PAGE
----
None of the above?

Sarah Devlin

The U.S. Department of Citizenship and Immigration Services’ “”Naturalization Test”” is a lot like high school.

As far as hoops to jump through towards becoming a citizen go, it could be a lot worse. The department asks applicants for citizenship to take a test that covers basic American civic and historical concepts. Unlike high school, there’s more at stake if one fails. But in the same vein as many teachers, the USCIS has decided that the best way to impart key information about their rights and responsibilities as new American citizens is through the magic of multiple choice.

The test is the last step on an adorable map of the path to citizenship on the USCIS Web site, and after the rigorous work of “”(demonstrating) physical presence (and) good moral character”” it’s safe to say that the aim of the test isn’t to weed out the civics buffs from the inept test-takers.

Over the past decade, however, an effort has been made to redesign the test. This decision was based, says the USCIS Web site, on the desire to create a “”uniform, consistent testing (experience) nationwide”” and to ensure that applicants leave with a “”meaningful understanding of U.S. government and history.”” But even after a redesign, many of the questions remain incredibly complicated. Take No. 2 from the 100-question study guide: “”What does the constitution do?’ “”The three suggested answers are “”sets up the government,”” “”defines the government”” and “”protects basic rights of Americans.”” Wow – has anyone told our nation’s top constitutional scholars that they can just download that answer?

Other problematic questions include No. 24, which asks “”Who does a U.S. Senator represent?”” The suggested answer is “”all of the people of the state,”” but that’s really only part of the issue. What if the senator’s conscience and the will of his constituents are at odds, which has happened quite often in the history of Congress? Moreover, what about the increasing influence of lobbyists and special interests? By the standards of the naturalization test, we might as well go ahead and dissolve Congress – it’s clearly not doing what it’s supposed to.

Granted, the study guide explicitly says “”USCIS is aware that the 100 items sometimes have answers that are not listed here.”” It’s not as though test-takers must wade through these thorny questions either – they can just memorize the study guide! Quibbles with oversimplification are one thing, but is it really a good idea to boil down the nuances of American government into a couple of multiple choice questions? How does steering applicants toward memorization help to foster “”an attachment to the principles and ideals of the U.S. Consitution,”” another purported goal of the USCIS?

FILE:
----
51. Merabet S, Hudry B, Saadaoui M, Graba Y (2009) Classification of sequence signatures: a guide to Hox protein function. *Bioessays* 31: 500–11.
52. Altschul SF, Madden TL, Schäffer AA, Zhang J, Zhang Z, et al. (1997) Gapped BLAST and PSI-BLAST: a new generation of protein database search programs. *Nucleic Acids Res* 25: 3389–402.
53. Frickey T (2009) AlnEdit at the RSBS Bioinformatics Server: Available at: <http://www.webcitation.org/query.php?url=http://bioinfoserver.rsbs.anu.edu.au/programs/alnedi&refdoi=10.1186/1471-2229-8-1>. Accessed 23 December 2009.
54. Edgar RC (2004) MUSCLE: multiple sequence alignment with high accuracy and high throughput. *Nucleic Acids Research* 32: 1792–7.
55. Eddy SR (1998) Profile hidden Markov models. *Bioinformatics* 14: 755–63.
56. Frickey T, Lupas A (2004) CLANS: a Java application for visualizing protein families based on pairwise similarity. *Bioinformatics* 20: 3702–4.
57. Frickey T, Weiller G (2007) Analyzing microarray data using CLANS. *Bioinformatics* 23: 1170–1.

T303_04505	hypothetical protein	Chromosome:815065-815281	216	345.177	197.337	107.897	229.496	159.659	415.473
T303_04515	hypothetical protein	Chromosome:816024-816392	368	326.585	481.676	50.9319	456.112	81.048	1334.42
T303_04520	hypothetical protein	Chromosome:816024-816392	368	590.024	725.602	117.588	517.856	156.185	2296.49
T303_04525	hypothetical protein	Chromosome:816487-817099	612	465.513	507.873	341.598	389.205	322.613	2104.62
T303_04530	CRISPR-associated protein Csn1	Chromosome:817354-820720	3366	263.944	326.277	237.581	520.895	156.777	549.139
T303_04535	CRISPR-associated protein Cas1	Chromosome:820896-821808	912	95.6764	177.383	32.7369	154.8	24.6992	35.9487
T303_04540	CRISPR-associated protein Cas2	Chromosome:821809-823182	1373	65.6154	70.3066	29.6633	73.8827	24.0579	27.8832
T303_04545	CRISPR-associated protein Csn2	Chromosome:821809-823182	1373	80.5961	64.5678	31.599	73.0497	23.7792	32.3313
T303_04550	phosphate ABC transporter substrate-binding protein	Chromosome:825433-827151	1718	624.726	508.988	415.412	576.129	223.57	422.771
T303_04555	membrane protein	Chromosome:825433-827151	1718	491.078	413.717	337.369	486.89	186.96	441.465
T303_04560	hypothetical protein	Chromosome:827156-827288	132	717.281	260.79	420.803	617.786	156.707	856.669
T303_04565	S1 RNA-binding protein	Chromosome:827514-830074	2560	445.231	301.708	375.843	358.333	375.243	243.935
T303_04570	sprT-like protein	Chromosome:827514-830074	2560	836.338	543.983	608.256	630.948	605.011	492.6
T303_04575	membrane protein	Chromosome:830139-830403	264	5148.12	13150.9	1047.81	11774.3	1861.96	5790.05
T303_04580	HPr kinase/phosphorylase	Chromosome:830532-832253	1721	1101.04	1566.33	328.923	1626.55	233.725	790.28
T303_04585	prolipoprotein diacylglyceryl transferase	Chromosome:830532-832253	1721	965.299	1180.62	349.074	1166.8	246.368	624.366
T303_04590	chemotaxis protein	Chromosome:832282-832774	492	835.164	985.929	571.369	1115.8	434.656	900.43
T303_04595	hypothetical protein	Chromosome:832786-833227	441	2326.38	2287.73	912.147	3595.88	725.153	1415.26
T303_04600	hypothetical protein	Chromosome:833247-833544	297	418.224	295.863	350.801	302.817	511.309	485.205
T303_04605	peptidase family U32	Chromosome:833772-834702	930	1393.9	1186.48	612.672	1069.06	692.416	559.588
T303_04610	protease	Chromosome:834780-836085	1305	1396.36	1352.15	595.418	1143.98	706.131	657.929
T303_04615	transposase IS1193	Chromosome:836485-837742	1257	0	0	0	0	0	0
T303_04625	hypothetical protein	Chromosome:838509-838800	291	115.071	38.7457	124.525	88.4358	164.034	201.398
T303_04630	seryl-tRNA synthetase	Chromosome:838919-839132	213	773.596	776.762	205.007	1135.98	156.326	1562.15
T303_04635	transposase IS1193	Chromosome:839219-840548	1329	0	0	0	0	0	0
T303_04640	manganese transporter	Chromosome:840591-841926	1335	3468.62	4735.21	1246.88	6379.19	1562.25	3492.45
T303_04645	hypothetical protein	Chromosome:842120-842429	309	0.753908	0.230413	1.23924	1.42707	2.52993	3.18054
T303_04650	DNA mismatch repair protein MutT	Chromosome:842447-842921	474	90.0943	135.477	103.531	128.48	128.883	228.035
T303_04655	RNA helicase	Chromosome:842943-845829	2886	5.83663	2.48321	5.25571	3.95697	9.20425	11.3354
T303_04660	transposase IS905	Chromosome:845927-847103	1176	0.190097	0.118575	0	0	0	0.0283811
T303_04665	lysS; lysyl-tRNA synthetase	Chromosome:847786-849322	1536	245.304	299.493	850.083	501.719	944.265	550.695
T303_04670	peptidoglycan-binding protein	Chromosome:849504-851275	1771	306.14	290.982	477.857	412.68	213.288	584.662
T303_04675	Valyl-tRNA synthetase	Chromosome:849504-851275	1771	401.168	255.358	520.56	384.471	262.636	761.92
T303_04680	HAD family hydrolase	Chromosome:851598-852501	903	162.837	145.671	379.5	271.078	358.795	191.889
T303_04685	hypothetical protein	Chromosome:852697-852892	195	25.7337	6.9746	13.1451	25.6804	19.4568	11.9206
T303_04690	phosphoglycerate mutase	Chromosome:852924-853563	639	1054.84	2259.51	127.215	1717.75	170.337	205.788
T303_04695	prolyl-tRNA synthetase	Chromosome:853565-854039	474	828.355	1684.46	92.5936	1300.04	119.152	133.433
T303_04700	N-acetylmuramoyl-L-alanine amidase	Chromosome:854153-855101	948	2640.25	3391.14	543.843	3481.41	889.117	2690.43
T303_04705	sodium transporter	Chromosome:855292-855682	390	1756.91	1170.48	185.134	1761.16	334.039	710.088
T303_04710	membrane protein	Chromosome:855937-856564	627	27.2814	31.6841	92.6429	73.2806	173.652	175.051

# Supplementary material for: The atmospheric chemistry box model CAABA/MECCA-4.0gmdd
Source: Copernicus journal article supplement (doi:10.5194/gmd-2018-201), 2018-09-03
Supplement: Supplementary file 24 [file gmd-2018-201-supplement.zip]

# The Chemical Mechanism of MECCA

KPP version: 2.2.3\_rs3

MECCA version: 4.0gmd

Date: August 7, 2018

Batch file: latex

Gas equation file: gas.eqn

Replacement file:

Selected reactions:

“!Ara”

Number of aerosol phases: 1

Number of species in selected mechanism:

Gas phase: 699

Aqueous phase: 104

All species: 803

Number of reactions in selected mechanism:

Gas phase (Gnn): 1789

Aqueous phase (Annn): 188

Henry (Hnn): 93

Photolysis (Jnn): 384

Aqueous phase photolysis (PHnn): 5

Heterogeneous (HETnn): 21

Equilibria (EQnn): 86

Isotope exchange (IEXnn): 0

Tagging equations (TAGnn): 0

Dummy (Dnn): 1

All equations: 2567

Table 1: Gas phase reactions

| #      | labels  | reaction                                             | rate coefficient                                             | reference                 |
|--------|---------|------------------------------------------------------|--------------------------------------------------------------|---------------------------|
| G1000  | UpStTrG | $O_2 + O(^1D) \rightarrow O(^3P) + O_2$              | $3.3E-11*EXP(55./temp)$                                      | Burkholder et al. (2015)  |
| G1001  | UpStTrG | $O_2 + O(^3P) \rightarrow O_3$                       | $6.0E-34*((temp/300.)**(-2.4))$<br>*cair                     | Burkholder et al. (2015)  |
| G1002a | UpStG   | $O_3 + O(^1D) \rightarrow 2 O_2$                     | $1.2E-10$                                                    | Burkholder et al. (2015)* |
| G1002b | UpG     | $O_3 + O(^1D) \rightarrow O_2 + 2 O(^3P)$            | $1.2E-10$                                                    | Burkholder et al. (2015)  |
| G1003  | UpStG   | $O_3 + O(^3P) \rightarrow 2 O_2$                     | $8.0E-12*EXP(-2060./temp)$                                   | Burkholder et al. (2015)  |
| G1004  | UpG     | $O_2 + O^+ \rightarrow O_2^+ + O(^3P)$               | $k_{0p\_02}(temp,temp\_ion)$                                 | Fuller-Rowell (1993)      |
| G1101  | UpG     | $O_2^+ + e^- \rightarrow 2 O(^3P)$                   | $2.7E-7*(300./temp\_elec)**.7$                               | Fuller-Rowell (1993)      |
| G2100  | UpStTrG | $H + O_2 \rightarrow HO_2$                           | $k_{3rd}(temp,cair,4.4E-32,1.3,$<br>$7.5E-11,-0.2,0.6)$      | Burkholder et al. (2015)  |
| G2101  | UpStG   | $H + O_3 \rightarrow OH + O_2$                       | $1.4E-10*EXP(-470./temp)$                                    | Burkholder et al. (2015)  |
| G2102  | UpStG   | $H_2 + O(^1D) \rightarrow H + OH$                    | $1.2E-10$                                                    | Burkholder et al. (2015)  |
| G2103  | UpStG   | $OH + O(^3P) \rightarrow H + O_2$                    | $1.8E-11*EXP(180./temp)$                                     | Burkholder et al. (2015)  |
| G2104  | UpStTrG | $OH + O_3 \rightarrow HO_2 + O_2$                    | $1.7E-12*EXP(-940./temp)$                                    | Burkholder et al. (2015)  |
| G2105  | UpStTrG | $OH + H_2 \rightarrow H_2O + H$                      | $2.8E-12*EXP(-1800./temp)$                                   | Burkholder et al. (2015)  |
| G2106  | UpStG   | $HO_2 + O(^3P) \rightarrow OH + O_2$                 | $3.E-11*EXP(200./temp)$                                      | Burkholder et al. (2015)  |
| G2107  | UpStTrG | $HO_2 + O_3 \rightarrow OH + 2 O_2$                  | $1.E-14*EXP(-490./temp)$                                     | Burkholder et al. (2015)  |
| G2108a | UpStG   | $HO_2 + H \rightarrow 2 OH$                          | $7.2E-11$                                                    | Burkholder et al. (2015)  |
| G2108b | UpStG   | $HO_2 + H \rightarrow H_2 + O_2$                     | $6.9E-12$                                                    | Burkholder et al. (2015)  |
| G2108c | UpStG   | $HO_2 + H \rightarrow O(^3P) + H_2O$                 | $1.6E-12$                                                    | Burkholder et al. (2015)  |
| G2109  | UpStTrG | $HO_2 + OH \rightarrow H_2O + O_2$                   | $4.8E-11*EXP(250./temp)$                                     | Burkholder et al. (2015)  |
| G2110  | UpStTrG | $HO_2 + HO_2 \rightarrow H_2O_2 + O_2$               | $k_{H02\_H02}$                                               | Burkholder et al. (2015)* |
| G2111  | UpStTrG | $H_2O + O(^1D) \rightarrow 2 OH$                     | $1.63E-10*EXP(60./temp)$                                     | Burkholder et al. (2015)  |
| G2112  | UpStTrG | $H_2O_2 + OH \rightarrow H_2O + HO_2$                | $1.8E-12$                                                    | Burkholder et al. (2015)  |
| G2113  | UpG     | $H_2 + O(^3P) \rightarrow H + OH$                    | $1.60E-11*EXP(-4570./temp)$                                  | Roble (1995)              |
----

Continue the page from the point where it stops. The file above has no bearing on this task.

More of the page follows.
This contradiction is familiar to every teacher and student disturbed by the increasing standardization of learning in this country. Just like multiple choice tests in college make for a lot of memorization and very little understanding, the attitude of the USCIS toward the fundamentals of government is more concerned with expedient answers than reverent ones, but demands nonetheless that the test be a measure of applicants’ prowess at both memorization and deep abiding love for America.

Beyond personal growth and understanding, it’s crucial to make knowledge of civil rights and responsibilities a priority in this country, for immigrants and natives alike. In this month alone the senate passed a law amending the Foreign Intelligence Surveillance Act by an embarrassing margin of 68 to 29.

The act will, among other things, grant legal immunity to telecommunications corporations who illegally wiretapped citizens’ phones at the behest of the White House. Question No. 12 on the USCIS test is “”What is the rule of law?”” Possible answers are “”Everyone must follow the law,”” “”Leaders must obey the law,”” “”Government must obey the law”” and “”No one is above the law.”” I wonder how those 68 yea-voting senators would fare on the exam?

Most students at the UA will never have to take the USCIS test, and if called upon to take something similar in a class on campus, would probably resort to flashcards to get through it. I can’t blame them. When I take the test in 2009 I’ll probably do the same thing. There’s no easy answer, however, to the questions raised by a government who voted quite placidly this month to disregard the rights of its citizens. Will applicants who take the test have a better understanding of their rights as Americans? It’s hard to say. The scarier question is, will they even care?

Sarah Devlin is a sophomore majoring in English and political science. She can be reached at letters@wildcat.arizona.edu.